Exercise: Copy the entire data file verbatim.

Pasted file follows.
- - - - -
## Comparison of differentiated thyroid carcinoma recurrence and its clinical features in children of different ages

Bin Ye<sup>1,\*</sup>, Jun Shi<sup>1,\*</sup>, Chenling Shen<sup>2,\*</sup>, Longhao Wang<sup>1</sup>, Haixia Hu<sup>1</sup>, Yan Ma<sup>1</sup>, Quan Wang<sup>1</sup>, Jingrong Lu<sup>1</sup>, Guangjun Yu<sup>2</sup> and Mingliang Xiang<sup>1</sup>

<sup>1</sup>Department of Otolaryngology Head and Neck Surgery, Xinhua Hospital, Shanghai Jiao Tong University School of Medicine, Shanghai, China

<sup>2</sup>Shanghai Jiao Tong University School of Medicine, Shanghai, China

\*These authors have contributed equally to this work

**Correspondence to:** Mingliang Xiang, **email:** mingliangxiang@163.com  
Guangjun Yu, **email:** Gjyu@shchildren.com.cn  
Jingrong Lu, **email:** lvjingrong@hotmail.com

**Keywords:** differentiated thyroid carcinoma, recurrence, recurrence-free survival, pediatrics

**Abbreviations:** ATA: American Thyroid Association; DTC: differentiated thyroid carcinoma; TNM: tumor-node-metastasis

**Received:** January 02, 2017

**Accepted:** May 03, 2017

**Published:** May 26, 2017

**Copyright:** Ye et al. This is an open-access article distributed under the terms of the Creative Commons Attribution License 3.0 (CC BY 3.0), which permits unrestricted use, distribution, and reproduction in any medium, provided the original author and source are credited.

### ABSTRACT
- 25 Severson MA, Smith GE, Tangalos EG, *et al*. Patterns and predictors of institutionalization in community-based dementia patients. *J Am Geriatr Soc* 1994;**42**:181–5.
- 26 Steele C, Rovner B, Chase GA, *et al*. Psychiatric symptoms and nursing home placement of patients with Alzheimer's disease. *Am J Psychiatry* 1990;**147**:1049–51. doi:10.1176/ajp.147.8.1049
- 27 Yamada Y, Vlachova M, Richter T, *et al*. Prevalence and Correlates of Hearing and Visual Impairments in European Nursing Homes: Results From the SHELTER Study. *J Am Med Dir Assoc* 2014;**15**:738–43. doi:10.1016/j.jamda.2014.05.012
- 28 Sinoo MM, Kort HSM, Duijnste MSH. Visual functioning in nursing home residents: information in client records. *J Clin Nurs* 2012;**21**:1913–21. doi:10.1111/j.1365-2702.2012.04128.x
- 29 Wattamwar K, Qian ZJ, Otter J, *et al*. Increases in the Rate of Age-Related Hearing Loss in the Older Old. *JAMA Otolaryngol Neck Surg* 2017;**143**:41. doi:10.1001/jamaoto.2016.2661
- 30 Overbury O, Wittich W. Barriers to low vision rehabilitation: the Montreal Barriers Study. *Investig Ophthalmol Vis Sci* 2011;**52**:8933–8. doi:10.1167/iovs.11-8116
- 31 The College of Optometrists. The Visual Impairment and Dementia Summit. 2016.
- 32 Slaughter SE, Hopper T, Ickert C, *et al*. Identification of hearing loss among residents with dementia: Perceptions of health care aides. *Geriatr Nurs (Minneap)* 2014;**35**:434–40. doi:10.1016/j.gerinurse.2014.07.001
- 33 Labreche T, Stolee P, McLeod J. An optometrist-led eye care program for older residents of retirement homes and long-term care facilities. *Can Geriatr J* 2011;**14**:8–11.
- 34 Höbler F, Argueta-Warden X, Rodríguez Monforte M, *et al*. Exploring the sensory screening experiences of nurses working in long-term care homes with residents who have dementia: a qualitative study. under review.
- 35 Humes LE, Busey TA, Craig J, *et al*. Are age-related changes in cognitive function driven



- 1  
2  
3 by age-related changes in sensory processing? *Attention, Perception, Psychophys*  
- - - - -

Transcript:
## Comparison of differentiated thyroid carcinoma recurrence and its clinical features in children of different ages

Bin Ye<sup>1,\*</sup>, Jun Shi<sup>1,\*</sup>, Chenling Shen<sup>2,\*</sup>, Longhao Wang<sup>1</sup>, Haixia Hu<sup>1</sup>, Yan Ma<sup>1</sup>, Quan Wang<sup>1</sup>, Jingrong Lu<sup>1</sup>, Guangjun Yu<sup>2</sup> and Mingliang Xiang<sup>1</sup>

<sup>1</sup>Department of Otolaryngology Head and Neck Surgery, Xinhua Hospital, Shanghai Jiao Tong University School of Medicine, Shanghai, China

<sup>2</sup>Shanghai Jiao Tong University School of Medicine, Shanghai, China

\*These authors have contributed equally to this work

**Correspondence to:** Mingliang Xiang, **email:** mingliangxiang@163.com  
Guangjun Yu, **email:** Gjyu@shchildren.com.cn  
Jingrong Lu, **email:** lvjingrong@hotmail.com

**Keywords:** differentiated thyroid carcinoma, recurrence, recurrence-free survival, pediatrics

**Abbreviations:** ATA: American Thyroid Association; DTC: differentiated thyroid carcinoma; TNM: tumor-node-metastasis

**Received:** January 02, 2017

**Accepted:** May 03, 2017

**Published:** May 26, 2017

**Copyright:** Ye et al. This is an open-access article distributed under the terms of the Creative Commons Attribution License 3.0 (CC BY 3.0), which permits unrestricted use, distribution, and reproduction in any medium, provided the original author and source are credited.

### ABSTRACT
- 25 Severson MA, Smith GE, Tangalos EG, *et al*. Patterns and predictors of institutionalization in community-based dementia patients. *J Am Geriatr Soc* 1994;**42**:181–5.
- 26 Steele C, Rovner B, Chase GA, *et al*. Psychiatric symptoms and nursing home placement of patients with Alzheimer's disease. *Am J Psychiatry* 1990;**147**:1049–51. doi:10.1176/ajp.147.8.1049
- 27 Yamada Y, Vlachova M, Richter T, *et al*. Prevalence and Correlates of Hearing and Visual Impairments in European Nursing Homes: Results From the SHELTER Study. *J Am Med Dir Assoc* 2014;**15**:738–43. doi:10.1016/j.jamda.2014.05.012
- 28 Sinoo MM, Kort HSM, Duijnste MSH. Visual functioning in nursing home residents: information in client records. *J Clin Nurs* 2012;**21**:1913–21. doi:10.1111/j.1365-2702.2012.04128.x
- 29 Wattamwar K, Qian ZJ, Otter J, *et al*. Increases in the Rate of Age-Related Hearing Loss in the Older Old. *JAMA Otolaryngol Neck Surg* 2017;**143**:41. doi:10.1001/jamaoto.2016.2661
- 30 Overbury O, Wittich W. Barriers to low vision rehabilitation: the Montreal Barriers Study. *Investig Ophthalmol Vis Sci* 2011;**52**:8933–8. doi:10.1167/iovs.11-8116
- 31 The College of Optometrists. The Visual Impairment and Dementia Summit. 2016.
- 32 Slaughter SE, Hopper T, Ickert C, *et al*. Identification of hearing loss among residents with dementia: Perceptions of health care aides. *Geriatr Nurs (Minneap)* 2014;**35**:434–40. doi:10.1016/j.gerinurse.2014.07.001
- 33 Labreche T, Stolee P, McLeod J. An optometrist-led eye care program for older residents of retirement homes and long-term care facilities. *Can Geriatr J* 2011;**14**:8–11.
- 34 Höbler F, Argueta-Warden X, Rodríguez Monforte M, *et al*. Exploring the sensory screening experiences of nurses working in long-term care homes with residents who have dementia: a qualitative study. under review.
- 35 Humes LE, Busey TA, Craig J, *et al*. Are age-related changes in cognitive function driven



- 1  
2  
3 by age-related changes in sensory processing? *Attention, Perception, Psychophys*  